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Browsing named entities in Rebellion Record: a Diary of American Events: Documents and Narratives, Volume 8. (ed. Frank Moore). You can also browse the collection for J. B. McPherson or search for J. B. McPherson in all documents.

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y possession of the pontoon-bridge, and thus cut off General Hoke's brigade from any escape, except by swimming. Our extreme right being thrown back, the brave Colonel Godwin, although surrounded on all sides, except on the river-side, still fought on, and when compelled to yield ground to overwhelming odds, fell back with a force of about seventy-five men, still returning the enemy's fire, and refused to surrender until fighting was useless. Lieutenant-Colonel Tate and Major York, Captains McPherson and Ray, and Lieutenant Mebane, of the Sixth, with Captain Adams, of the staff, broke away, and escaped over the bridge in the darkness. Lieutenants Williams, Smith, and Fitzgerald, of the Fifty-fourth; Brown, of the Sixth, with a few others, plunged into the river and swam safely over; but, unfortunately, some others were drowned. Lieutenant-Colonel H. Jones, Jr., of the Fifty-seventh, and Captain White, of the Sixth, plunged in to swim, but the coldness of the water compelled them
a force under General Steele to Helena to cooperate with General Schofield's troops against Little, Rock, and another under Generals Ord and Herron to New-Orleans, to reenforce General Banks for such ulterior operations as he might deem proper to undertake. Some expeditions were also sent to the Red River, and to Harrisonburgh and Monroe, on the Washita, to break up and destroy guerrilla bands. After General Grant left Vicksburgh to assume the general command east of the Mississippi, General McPherson moved with a part of his force to Canton, Mississippi, scattering the enemy's cavalry, and destroying his materials and roads in the centre of that State. Department of the Missouri. The withdrawal to Missouri of a large part of our forces in Arkansas, as was stated in my last annual report, left the frontier of the former exposed to raids, of which the rebels were prompt to take advantage. Marmaduke, with the advance of Hindman's rebel army, moved forward with the purpose of en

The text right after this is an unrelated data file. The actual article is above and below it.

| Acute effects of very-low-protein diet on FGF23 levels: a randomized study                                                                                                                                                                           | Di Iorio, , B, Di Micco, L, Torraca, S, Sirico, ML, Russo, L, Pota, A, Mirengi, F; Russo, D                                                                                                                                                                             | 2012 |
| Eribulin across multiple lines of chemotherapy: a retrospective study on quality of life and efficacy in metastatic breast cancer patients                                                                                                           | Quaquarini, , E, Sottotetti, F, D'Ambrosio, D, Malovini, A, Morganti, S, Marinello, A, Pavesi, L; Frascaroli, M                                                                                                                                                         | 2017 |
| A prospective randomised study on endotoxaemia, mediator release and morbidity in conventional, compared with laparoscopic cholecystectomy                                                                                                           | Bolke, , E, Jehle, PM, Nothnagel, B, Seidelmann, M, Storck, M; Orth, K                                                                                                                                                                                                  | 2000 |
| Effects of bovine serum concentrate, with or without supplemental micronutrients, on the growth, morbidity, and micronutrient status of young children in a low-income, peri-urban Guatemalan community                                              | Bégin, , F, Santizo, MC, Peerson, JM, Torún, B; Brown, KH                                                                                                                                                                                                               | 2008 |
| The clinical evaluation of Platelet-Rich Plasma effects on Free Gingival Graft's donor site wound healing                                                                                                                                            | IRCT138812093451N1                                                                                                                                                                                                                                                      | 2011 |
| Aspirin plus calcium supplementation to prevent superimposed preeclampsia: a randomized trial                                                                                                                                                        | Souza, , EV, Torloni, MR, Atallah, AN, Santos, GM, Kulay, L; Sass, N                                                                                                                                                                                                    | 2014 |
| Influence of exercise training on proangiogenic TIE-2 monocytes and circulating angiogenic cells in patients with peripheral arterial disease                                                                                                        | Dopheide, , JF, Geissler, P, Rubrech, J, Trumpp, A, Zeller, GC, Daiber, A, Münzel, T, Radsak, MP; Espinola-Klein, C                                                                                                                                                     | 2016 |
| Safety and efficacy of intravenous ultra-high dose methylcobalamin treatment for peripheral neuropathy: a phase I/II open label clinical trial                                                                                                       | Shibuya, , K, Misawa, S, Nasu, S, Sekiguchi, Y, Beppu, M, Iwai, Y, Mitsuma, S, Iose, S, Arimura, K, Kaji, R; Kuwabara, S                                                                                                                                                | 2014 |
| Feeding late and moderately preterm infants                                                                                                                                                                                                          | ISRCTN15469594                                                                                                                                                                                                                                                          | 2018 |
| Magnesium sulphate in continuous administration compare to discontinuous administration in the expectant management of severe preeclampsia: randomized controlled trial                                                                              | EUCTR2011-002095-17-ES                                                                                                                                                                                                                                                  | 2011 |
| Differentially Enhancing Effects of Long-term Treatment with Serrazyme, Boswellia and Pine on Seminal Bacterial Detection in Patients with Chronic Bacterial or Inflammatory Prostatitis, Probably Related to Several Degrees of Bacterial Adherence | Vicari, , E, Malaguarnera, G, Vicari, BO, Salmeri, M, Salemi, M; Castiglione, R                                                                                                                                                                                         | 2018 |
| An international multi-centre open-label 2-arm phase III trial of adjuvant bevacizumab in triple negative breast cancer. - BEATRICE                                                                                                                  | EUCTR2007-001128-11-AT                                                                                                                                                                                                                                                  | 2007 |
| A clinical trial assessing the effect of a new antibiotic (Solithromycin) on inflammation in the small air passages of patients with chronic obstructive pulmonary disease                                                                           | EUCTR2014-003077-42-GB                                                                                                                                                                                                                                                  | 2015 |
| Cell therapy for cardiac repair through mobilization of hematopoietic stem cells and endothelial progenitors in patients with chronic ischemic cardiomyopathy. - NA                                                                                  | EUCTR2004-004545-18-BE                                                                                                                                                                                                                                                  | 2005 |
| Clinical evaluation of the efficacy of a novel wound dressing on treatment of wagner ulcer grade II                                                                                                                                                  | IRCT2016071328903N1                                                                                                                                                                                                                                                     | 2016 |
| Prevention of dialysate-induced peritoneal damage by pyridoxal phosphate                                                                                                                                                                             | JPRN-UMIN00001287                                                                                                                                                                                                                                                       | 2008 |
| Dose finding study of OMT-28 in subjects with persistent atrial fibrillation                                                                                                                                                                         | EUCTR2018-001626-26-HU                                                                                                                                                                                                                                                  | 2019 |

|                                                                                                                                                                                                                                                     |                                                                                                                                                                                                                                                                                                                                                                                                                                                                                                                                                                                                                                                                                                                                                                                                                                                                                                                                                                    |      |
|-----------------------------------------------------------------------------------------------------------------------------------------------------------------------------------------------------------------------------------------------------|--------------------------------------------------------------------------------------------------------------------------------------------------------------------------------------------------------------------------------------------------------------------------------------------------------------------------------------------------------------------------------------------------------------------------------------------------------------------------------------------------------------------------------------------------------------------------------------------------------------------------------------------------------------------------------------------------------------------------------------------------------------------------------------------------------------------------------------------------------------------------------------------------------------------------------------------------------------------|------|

of water in the Mississippi, boats had arrived irregularly, and had brought despatches that seemed to conflict in meaning, and that John E. Smith's division, of McPherson's corps, had been ordered up to Memphis, and that I should take that division and leave one of my own in its stead to hold the line of the Big Black. I detailed my Third division, General Tuttle, to remain and report to Major-General J. B. McPherson, commanding the Seventeenth corps, at Vicksburgh; and that of General John E. Smith, already started for Memphis, was styled the Third division, though it still belonged to the Seventeenth army corps. This division is also composed of throwever, to retain command of the army in the field. At Iuka I made what appeared to me the best disposition of matters relating to this department, giving General McPherson full powers as to Mississippi, and General Hurlbut as to West-Tennessee, and assigned General Blair to the command of the Fifteenth army corps; and I summone
, commanding the Fourth Ohio cavalry, of General McPherson's body-guard, two pioneer corps, and maknger's Ferry; the other under command of General McPherson, crossing the river at the railroad bridd respectively by Major-Generals Hurlbut and McPherson, with Major-General Sherman in command of thregiments of infantry. During the night General McPherson communicated by one of his aids, Lieutenal to their menagerie in the person of Beast McPherson. The General felt badly, but could not weepor of the town; I came here in search of General McPherson, to make some arrangement by which we coe the line of the Southern Railroad, and General McPherson's division at the railroad-crossing. Af of their dead being left on the field. General McPherson's infantry forces marched up rapidly, anrious encounter. With his usual energy, General McPherson continued to press them closely, and so ed on the evening of February fifth, and General McPherson at once ordered the gallant Tenth Missou
o I went to him and got him to scare it out of her. I was lucky, so many negroes went from about here; all of Mr. McElmore's, Semmes's, and Dr. Johnston's — he had but two old ones, all are gone. I do not think that you have any idea how bad the Yankees are. I thought I knew, but I did not know the half. They took old Mrs.----'s teeth, all her spoons and knives, and destroyed all provisions and corn which they could not use. Two army corps were here — with Generals Sherman, Hurlbut, McPherson, and Leggett. Mother has been sick ever since the Yankees left. How glad I am that I did not get sick! No one need want to be with the Yankees, even for a few days. They staid here from Sunday until Saturday morning, and it appeared like a month. I have no time to write more; will write again soon. Love to all. Your daughter, S. E. P. B. Operations of the cavalry under Generals Smith and Grierson. Memphis, Tenn., February 27. From an officer attached to General Griers